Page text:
In October 2020, the Circular Construction Lab brought together a group of community organizations (SC Johnson College of Business, Finger Lakes ReUse, Ithaca NHS, Cornell Cooperative Extension, TAITEM Engineering, Trade Design Build) as partners on an Engaged Cornell Grant (ECG) with the “specific aim to investigate the circular potentials of the local built environment by researching and proposing methods for material reuse and recycling, reversible construction, reactivating embodied values, creating green jobs, and reinventing the underlying business models of construction.”
One such project is the Catherine Commons Deconstruction Project on College Avenue, where the development of 300 new housing units led to the planned demolition of 11 residential structures originating from the year 1910. In close collaboration with the principal developer, the Circular Construction Lab and students from Cornell’s Department of Architecture began documenting and cataloging the existing structures for their reuse and deconstruction potential, using a newly developed Deconstruction and Salvage Survey Toolkit (ScanR S&D Survey). With the help of experts from the Seattle-based Building Deconstruction Institute, the group was then able to convince the building owner to deconstruct - instead of demolish - one of the structures (206 College Avenue) in a broad coalition of local stakeholders lead by community partners Finger Lakes Reuse and Trade Design Build.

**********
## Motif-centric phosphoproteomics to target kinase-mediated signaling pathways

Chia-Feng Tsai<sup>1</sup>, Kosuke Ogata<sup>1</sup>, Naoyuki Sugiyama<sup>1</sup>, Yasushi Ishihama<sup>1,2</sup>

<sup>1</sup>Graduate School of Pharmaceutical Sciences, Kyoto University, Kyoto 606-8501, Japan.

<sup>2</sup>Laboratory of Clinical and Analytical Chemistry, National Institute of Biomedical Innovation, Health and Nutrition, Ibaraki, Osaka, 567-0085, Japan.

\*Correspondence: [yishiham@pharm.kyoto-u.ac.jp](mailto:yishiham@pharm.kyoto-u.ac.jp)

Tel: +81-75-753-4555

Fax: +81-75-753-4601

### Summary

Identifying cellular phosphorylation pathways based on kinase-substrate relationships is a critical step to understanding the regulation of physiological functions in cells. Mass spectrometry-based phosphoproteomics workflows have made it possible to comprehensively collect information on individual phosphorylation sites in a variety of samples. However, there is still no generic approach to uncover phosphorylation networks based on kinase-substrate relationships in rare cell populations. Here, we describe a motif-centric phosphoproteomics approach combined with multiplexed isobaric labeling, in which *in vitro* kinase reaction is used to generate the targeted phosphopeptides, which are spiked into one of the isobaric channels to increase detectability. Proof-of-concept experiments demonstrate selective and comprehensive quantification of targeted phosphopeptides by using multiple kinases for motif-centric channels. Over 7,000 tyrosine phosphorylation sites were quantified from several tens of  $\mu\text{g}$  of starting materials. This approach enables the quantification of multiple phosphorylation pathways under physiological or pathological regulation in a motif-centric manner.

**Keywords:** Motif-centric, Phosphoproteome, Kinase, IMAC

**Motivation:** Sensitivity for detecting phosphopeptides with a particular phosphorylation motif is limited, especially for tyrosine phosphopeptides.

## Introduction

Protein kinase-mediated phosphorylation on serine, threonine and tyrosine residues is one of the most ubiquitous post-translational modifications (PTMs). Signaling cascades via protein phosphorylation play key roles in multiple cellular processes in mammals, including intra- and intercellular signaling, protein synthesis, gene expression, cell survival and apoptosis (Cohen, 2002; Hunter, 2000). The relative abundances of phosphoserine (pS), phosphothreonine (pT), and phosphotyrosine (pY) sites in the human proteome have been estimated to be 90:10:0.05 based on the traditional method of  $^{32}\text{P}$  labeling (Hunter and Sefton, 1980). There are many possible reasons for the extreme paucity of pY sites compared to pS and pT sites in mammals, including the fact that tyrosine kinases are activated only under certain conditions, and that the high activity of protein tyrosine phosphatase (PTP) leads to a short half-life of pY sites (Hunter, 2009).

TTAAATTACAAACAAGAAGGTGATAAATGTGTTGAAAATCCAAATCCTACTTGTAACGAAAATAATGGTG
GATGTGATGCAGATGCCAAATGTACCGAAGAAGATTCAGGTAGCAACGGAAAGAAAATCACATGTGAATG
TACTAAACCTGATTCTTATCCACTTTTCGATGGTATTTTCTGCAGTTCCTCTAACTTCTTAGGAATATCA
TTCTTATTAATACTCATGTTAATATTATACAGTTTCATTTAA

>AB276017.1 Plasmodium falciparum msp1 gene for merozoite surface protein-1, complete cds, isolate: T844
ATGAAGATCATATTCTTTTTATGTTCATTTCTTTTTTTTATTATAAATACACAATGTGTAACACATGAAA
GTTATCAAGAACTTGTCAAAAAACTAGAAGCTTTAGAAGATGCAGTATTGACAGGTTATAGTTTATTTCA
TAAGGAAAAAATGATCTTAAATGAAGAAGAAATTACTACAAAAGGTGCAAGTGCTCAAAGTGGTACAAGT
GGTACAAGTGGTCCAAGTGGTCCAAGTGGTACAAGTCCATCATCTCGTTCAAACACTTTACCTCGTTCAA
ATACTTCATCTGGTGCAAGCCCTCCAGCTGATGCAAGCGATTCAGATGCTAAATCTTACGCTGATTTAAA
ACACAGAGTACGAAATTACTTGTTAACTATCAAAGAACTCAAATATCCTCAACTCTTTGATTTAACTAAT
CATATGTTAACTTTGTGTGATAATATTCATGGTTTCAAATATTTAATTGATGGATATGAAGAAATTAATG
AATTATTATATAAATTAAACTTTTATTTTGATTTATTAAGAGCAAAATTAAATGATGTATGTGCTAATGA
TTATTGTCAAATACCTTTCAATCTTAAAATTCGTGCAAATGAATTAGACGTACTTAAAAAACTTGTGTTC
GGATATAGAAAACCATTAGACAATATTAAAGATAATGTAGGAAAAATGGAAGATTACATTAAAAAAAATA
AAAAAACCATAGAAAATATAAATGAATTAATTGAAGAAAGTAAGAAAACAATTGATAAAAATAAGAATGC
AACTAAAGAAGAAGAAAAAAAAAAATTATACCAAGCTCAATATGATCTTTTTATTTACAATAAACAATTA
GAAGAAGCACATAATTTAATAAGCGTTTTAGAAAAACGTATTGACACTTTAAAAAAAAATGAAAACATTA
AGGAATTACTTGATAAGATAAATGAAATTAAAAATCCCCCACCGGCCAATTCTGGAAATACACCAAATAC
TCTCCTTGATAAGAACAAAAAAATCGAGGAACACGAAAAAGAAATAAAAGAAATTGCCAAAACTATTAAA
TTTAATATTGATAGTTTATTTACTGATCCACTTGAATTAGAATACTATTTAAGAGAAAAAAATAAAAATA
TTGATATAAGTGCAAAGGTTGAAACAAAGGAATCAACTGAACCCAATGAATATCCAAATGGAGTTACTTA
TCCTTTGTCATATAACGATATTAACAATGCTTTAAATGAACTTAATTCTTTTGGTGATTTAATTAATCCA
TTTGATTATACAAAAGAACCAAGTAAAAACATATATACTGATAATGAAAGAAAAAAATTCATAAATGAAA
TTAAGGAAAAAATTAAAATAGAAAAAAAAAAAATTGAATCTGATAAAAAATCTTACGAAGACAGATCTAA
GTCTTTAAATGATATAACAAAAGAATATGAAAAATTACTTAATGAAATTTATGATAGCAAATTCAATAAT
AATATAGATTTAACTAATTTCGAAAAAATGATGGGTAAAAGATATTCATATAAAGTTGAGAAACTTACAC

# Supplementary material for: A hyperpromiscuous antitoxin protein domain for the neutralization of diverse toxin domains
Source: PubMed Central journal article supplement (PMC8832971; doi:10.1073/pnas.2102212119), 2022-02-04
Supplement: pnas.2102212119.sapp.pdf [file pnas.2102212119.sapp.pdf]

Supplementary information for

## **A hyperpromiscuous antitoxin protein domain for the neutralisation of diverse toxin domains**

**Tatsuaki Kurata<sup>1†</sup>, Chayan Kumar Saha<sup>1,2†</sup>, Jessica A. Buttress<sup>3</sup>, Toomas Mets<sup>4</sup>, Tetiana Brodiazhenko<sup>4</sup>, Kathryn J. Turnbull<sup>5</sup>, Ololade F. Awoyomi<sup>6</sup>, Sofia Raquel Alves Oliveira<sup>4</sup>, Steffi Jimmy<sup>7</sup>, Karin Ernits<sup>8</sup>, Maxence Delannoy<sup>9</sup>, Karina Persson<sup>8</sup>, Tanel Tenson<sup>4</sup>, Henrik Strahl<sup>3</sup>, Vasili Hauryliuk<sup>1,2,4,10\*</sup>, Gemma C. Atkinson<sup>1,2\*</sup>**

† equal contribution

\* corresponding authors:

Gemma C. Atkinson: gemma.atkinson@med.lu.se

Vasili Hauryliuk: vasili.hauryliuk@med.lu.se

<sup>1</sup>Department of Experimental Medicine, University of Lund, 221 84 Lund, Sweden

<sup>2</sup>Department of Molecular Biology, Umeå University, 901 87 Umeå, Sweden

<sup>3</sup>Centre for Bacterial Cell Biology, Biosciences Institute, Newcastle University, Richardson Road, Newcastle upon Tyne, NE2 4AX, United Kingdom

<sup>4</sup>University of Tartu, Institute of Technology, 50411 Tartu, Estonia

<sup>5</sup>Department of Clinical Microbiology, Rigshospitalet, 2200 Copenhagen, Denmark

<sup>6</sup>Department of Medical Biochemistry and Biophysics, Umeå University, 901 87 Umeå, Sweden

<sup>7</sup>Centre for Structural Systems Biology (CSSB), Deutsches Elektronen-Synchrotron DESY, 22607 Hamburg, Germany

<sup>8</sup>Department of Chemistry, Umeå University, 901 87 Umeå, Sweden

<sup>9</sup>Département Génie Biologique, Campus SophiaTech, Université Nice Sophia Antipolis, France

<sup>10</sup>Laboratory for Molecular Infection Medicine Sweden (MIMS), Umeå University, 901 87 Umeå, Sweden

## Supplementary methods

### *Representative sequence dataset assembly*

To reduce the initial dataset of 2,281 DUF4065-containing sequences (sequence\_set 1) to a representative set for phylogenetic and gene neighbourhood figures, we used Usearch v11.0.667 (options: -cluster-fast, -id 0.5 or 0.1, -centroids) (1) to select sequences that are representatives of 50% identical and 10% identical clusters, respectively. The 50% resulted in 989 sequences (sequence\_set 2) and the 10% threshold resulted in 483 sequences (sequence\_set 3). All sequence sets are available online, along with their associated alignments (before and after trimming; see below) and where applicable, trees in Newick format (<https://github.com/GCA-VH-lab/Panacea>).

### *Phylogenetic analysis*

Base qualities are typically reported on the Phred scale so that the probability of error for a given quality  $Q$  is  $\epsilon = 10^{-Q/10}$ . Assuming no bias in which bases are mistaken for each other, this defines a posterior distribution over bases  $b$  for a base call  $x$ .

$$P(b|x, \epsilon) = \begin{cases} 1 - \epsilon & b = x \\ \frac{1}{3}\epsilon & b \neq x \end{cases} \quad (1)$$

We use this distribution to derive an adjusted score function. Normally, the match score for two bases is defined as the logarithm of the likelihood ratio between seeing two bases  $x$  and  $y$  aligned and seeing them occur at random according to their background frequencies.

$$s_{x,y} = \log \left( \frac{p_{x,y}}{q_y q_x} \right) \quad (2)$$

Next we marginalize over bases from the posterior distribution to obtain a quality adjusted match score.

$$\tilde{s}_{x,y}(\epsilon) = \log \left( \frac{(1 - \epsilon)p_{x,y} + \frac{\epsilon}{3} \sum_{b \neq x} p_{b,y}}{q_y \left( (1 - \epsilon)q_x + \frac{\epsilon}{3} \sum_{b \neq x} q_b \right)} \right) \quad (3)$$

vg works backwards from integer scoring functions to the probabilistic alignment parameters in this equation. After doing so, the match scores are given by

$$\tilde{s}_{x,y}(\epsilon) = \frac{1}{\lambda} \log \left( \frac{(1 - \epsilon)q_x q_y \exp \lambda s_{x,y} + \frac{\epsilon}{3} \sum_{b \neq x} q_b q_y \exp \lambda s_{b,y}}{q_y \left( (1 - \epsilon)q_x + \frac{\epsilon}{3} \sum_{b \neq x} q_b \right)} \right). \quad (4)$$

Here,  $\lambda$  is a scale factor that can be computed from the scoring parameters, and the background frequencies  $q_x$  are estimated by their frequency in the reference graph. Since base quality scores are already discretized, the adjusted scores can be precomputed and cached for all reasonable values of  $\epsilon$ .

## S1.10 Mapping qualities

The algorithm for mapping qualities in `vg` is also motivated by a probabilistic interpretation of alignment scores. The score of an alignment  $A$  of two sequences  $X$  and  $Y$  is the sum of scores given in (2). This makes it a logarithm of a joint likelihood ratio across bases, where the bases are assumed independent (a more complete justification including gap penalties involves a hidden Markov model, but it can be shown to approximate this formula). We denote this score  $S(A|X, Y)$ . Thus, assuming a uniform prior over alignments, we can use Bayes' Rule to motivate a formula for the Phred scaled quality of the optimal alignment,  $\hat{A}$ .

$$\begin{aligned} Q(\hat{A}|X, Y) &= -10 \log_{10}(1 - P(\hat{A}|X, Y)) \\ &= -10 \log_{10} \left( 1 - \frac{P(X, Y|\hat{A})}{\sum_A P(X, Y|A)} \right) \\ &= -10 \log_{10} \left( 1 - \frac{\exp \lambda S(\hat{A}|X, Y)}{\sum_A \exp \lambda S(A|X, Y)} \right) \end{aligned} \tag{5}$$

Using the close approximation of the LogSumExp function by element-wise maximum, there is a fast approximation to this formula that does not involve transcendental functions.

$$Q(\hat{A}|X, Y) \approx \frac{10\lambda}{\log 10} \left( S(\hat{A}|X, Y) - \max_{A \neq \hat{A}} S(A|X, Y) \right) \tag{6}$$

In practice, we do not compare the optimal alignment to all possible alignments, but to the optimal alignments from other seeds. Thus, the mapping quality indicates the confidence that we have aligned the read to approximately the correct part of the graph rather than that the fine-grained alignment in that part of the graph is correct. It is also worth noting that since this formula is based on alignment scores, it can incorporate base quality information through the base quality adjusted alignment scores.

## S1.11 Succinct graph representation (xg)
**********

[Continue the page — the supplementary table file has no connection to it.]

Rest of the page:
Over the course of five days in January 2022, a crew of up to eight workers methodically carved the 420-square meter, 13-bedroom structure into sections from top to bottom. Panels of roof, walls and floor as large as 2.5 by 5.5 meters were lifted on a flatbed and hauled to a local warehouse for the materials to be processed, salvaged and eventually resold. The chosen process - panelized deconstruction - incorporates the use of heavy machinery in an effort to minimize time on-site by relocating specific steps to off-site locations. Instead of unbuilding a structure element by element in its original location, the process relies on calculated and careful incisions that divide the structure safely into the biggest (and most profitable) panels allowed for transport on public roads.
The Catherine Commons Deconstruction Project is unique as it allows a side-by-side comparison of demolition and deconstruction processes on almost identical buildings within the same economic setting. The case study includes comprehensive research on deconstruction’s local potential, documenting everything from the quantity and quality of materials saved to the resale market, the time and labor required, and the total cost – including environmental and social costs that are typically not factored into construction and demolition budgets. The generated data will provide a much-needed insight into the existing barriers, limitations and potential benefits of implementing deconstruction. Answering the need for a deeper economic understanding, the results are also informing the development of a business analysis addressing the scalability of the process and the impact of an economy of scale on these economics. Combined, the research will help inform local policy proposals that, if enacted, will make Ithaca one of a small number of cities in the USA prioritizing material and building reuse over downcycling and landfilling.